Pakistan-India tensions


    Qureshi also Tuesday hailed an active role the U.S. played in defusing Pakistan's tensions with rival India in February when the two nuclear-armed neighboring countries came close to another war over the disputed Kashmir region.

    “We hope that the leadership of the two countries in Washington can agree on the imperative of resuming a sustained and result-oriented dialogue between Pakistan and India aimed at peacefully resolving all disputes. We are confident that this visit will help in ushering an era of stability and prosperity in South Asia and the broader region."

    https://www.voanews.com/south-centra...e-afghan-peace

    Edit -

    Last edited by Junon; 07-26-2019 at 12:37 AM.

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    Re: '150,000 Americans couldn’t beat us': Taliban fighters defiant in Afghanistan

    Salaam

    Another update. Talks have collapsed.

    Blurb

    US President Donald Trump says he has cancelled a secret meeting with the Taliban in the United States. The leaders were supposed to meet at Camp David on Sunday.

    US Secretary of State Mike Pompeo says talks with the Taliban are now dead "for the time being" and the special envoy is being recalled. Meetings between the envoy, Zalmay Khalilzad, and the Taliban had been ongoing in Qatar for nearly a year.
    The Taliban released a statement in response, saying “Americans will suffer more than anyone else” because of Trump's decision to cancel the talks.

    The office of Afghan President Ashraf Ghani says peace will only be possible if the Taliban stops launching attacks and holds direct talks with the government.




    Taliban response.

    Blurb

    Peace talks between the United States and the Taliban began last October in Qatar, with the aim of ending the almost 18-year-old war in Afghanistan.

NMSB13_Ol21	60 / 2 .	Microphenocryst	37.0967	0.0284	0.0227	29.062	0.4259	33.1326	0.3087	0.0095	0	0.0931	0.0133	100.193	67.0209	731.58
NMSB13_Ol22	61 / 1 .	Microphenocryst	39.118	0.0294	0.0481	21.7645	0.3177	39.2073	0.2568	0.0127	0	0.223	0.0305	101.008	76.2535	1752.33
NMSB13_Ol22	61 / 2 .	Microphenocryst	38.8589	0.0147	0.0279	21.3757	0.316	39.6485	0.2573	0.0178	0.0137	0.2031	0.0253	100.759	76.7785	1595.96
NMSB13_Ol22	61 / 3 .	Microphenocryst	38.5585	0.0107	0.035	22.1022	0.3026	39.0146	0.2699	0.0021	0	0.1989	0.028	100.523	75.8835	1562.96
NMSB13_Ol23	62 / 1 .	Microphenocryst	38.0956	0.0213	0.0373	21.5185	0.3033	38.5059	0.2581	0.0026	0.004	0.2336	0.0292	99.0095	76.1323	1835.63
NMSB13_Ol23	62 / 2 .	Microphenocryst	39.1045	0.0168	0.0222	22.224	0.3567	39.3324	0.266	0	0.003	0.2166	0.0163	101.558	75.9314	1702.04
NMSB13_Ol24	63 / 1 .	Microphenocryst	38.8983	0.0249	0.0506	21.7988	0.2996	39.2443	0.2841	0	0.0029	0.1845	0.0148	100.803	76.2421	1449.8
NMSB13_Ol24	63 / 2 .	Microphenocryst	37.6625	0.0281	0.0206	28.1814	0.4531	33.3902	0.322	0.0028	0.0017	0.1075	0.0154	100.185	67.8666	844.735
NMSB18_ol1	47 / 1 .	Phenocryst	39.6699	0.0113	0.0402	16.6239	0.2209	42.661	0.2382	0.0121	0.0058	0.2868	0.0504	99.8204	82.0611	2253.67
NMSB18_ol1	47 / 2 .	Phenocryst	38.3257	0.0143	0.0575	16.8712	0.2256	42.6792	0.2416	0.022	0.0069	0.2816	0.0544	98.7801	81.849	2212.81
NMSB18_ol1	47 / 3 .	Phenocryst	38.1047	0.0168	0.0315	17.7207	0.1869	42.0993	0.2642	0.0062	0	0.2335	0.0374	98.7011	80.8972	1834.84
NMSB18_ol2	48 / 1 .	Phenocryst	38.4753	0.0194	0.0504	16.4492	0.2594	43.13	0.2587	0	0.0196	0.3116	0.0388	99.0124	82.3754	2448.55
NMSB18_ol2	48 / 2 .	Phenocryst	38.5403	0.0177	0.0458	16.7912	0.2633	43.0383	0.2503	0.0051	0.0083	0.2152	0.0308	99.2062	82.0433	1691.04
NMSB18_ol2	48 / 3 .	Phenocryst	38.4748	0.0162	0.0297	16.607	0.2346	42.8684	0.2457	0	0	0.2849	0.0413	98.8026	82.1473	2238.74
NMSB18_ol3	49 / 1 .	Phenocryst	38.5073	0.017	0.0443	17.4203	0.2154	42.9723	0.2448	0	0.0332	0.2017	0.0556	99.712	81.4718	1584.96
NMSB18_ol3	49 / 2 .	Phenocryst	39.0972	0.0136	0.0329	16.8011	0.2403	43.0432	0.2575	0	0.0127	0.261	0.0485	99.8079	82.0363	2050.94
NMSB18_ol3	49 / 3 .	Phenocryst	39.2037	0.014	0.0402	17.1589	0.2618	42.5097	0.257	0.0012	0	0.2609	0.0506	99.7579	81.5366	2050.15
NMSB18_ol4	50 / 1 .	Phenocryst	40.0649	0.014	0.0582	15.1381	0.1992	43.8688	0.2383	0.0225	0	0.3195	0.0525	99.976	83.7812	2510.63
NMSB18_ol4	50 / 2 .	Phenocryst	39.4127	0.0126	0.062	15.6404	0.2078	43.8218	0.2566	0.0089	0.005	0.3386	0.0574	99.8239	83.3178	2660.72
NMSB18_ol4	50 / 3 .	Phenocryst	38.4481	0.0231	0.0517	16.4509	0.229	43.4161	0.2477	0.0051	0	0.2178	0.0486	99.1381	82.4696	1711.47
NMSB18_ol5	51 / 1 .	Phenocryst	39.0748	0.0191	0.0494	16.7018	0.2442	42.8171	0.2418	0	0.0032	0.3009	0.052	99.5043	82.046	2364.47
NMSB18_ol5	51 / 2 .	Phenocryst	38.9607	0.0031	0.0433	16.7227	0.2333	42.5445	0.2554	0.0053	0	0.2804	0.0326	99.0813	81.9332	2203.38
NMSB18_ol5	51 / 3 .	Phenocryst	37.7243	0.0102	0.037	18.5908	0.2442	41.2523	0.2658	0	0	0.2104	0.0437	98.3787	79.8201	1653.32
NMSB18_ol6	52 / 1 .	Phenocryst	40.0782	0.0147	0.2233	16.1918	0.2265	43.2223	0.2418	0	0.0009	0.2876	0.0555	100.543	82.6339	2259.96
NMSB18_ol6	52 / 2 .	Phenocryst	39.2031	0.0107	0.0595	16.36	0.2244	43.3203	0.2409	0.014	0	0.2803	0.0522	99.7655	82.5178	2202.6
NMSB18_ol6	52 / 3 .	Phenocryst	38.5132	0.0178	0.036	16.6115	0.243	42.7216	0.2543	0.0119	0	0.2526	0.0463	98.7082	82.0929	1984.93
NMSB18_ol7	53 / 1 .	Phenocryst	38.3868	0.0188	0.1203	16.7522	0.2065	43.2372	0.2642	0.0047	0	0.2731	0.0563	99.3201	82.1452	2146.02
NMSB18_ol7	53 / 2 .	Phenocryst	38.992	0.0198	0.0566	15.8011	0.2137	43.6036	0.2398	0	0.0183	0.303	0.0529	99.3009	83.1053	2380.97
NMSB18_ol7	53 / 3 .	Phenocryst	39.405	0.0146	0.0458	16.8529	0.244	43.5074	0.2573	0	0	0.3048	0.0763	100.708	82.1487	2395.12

On Monday, US President Donald Trump announced that negotiations were over.

    "They are dead. They are dead. As far as I’m concerned, they are dead," Trump told reporters, blaming a Taliban attack last week in which an American soldier was among the 12 people killed.

    "They thought that they had to kill people in order to put themselves in a little better negotiating position ... You can't do that with me, so they [the talks] are dead as far as I'm concerned," Trump said.

    The president's move surprised the Taliban's leaders.

    "It was astonishing for us because we had already concluded the peace agreement with the American negotiating team," Suhail Shaheen, the Taliban spokesperson in Qatar's capital Doha, told Al Jazeera.







    Isis gains traction in Afghanistan as US talks collapse

    Taliban hardliners frustrated by prospect of peace join militant group

    Minutes after the younger brother of Afghanistan’s Taliban chief rose to lead Friday prayers at a Pakistan mosque last month, a bomb ripped through the building.

    The brother of top leader Mullah Habatullah Akhundzada was one of five people killed in an attack police link to Isis’s growing Afghanistan affiliate. The Islamist movement is locked in a fierce rivalry with the Taliban, whose influence straddles the border of the two countries.

    A surge of Isis violence this year, including a horrific bombing at a Kabul wedding that killed 63 people in August, and the assault on Taliban leadership has revealed its increasing traction in war-ravaged Afghanistan.

    Taliban hardliners angry about negotiations with the US over a troop withdrawal in exchange for counter-terrorism pledges have joined Isis in droves, said experts, raising fears of an Isis resurgence despite it being ousted from its last remnants of territory in Syria this year.